Thursday, November 19, 2009

Who opposes healthcare reform, and why?

Two interesting op-ed articles about healthcare in the New York Times today. One, by Nicholas Kristof, draws parallels between the current healthcare debate, the Medicare debate 40 years ago, and the Social Security debate 30 years before that. Kristof makes clear just how similar (and how devoid of reality) the arguments opposing each policy innovation have been.

For a more detailed analysis of the nature of such rhetoric I highly recommend Albert Hirschman's The Rhetoric of Reaction (The examples Kristof gives fall mostly in Hirschman's "Jeopardy" category: the new policy is argued to fatally undermine highly valued other achievements.)

The second article, by Gelman, Silver, and Lee, notes that a legislator's support for or opposition to "Obamacare" appears to be driven more by their constituents' support for or opposition to Obama than by whether or not these same constituents actually support healthcare reform. In other words (and unfortunately so): legislators care about politics more than policy.

The authors imply that this is strange, since legislators claim to be listening to their constituents. But it may make perfect sense, if legislators have reason to believe that their constituents also care more about politics than policy outcomes. (Indeed, they may well be correct in such a belief, as numerous political commentators have suggested, for example Thomas Frank in What's the Matter with Kansas?)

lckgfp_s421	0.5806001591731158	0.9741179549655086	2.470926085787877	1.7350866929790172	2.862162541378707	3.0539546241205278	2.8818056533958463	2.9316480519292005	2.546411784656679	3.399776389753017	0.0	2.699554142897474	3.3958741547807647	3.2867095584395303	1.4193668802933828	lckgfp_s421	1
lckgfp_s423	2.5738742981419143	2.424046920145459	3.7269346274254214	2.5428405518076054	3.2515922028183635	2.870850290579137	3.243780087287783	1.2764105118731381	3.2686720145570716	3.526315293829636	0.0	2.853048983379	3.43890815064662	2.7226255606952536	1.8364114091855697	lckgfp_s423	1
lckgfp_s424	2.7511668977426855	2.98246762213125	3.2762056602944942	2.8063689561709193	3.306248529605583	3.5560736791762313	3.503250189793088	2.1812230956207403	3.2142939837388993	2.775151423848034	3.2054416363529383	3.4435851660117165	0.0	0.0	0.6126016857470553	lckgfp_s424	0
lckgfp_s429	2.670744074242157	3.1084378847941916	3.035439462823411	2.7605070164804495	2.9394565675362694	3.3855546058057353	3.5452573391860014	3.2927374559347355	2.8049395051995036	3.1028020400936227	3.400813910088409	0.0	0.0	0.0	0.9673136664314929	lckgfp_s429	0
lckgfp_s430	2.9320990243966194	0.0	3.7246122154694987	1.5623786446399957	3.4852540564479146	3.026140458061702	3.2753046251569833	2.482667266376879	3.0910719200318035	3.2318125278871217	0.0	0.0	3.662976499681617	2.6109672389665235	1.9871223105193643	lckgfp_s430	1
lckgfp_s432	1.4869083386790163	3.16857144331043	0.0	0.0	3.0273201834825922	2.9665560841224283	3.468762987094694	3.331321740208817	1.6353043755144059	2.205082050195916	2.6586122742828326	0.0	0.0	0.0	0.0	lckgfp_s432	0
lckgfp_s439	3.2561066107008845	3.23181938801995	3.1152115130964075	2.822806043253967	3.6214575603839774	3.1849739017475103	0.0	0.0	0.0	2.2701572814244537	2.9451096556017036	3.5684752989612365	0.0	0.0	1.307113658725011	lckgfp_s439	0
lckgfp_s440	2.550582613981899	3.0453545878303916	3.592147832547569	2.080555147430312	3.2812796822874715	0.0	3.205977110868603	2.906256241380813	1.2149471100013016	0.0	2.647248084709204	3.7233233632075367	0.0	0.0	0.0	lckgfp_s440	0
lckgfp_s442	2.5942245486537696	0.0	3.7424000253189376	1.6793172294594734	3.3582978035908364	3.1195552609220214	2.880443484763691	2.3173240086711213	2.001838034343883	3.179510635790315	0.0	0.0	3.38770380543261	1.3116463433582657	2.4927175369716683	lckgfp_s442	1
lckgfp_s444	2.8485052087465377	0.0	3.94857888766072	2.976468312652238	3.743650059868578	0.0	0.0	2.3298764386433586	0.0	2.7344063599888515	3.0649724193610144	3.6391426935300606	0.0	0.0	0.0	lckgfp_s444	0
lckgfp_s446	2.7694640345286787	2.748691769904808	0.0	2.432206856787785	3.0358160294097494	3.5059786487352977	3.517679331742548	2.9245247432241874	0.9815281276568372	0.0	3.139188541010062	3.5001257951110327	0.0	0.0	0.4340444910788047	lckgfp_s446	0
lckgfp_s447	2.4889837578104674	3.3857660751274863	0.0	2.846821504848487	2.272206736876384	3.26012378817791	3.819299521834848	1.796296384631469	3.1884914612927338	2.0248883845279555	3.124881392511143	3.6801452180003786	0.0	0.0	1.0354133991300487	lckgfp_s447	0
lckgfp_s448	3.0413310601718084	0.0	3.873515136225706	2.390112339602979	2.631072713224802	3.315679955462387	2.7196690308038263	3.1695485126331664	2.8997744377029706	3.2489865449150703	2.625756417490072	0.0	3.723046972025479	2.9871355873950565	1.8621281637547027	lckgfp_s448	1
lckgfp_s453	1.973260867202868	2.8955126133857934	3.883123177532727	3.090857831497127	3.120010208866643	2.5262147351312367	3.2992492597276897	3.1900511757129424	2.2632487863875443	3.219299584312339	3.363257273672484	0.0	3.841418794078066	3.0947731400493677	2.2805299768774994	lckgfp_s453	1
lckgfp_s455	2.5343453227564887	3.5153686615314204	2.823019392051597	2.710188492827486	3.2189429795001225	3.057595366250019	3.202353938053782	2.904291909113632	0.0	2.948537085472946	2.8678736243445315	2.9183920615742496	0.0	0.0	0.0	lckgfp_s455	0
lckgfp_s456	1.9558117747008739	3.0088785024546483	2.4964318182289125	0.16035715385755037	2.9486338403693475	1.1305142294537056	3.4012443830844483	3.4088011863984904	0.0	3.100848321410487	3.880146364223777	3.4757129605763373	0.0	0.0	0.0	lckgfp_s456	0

German, Silver, and Lee also provide a very telling chart of support for healthcare reform, by state, age, and income level. This chart makes clear just how important economic self-interest is to public opinion on healthcare reform. Those who are below retirement age and earn less than $40,000/year are more likely to support reform, on average (and the poorest are the most likely to do so), whereas those over 65 (who are eligible for Medicare) or who make more than $70,000/year (most of whom are probably insured through work, and who in any case are better able to afford basic preventive care) are less likely to support reform, with the richest and oldest are least likely to do so. It is striking how consistent this pattern is across states, although some regional differences do remain.

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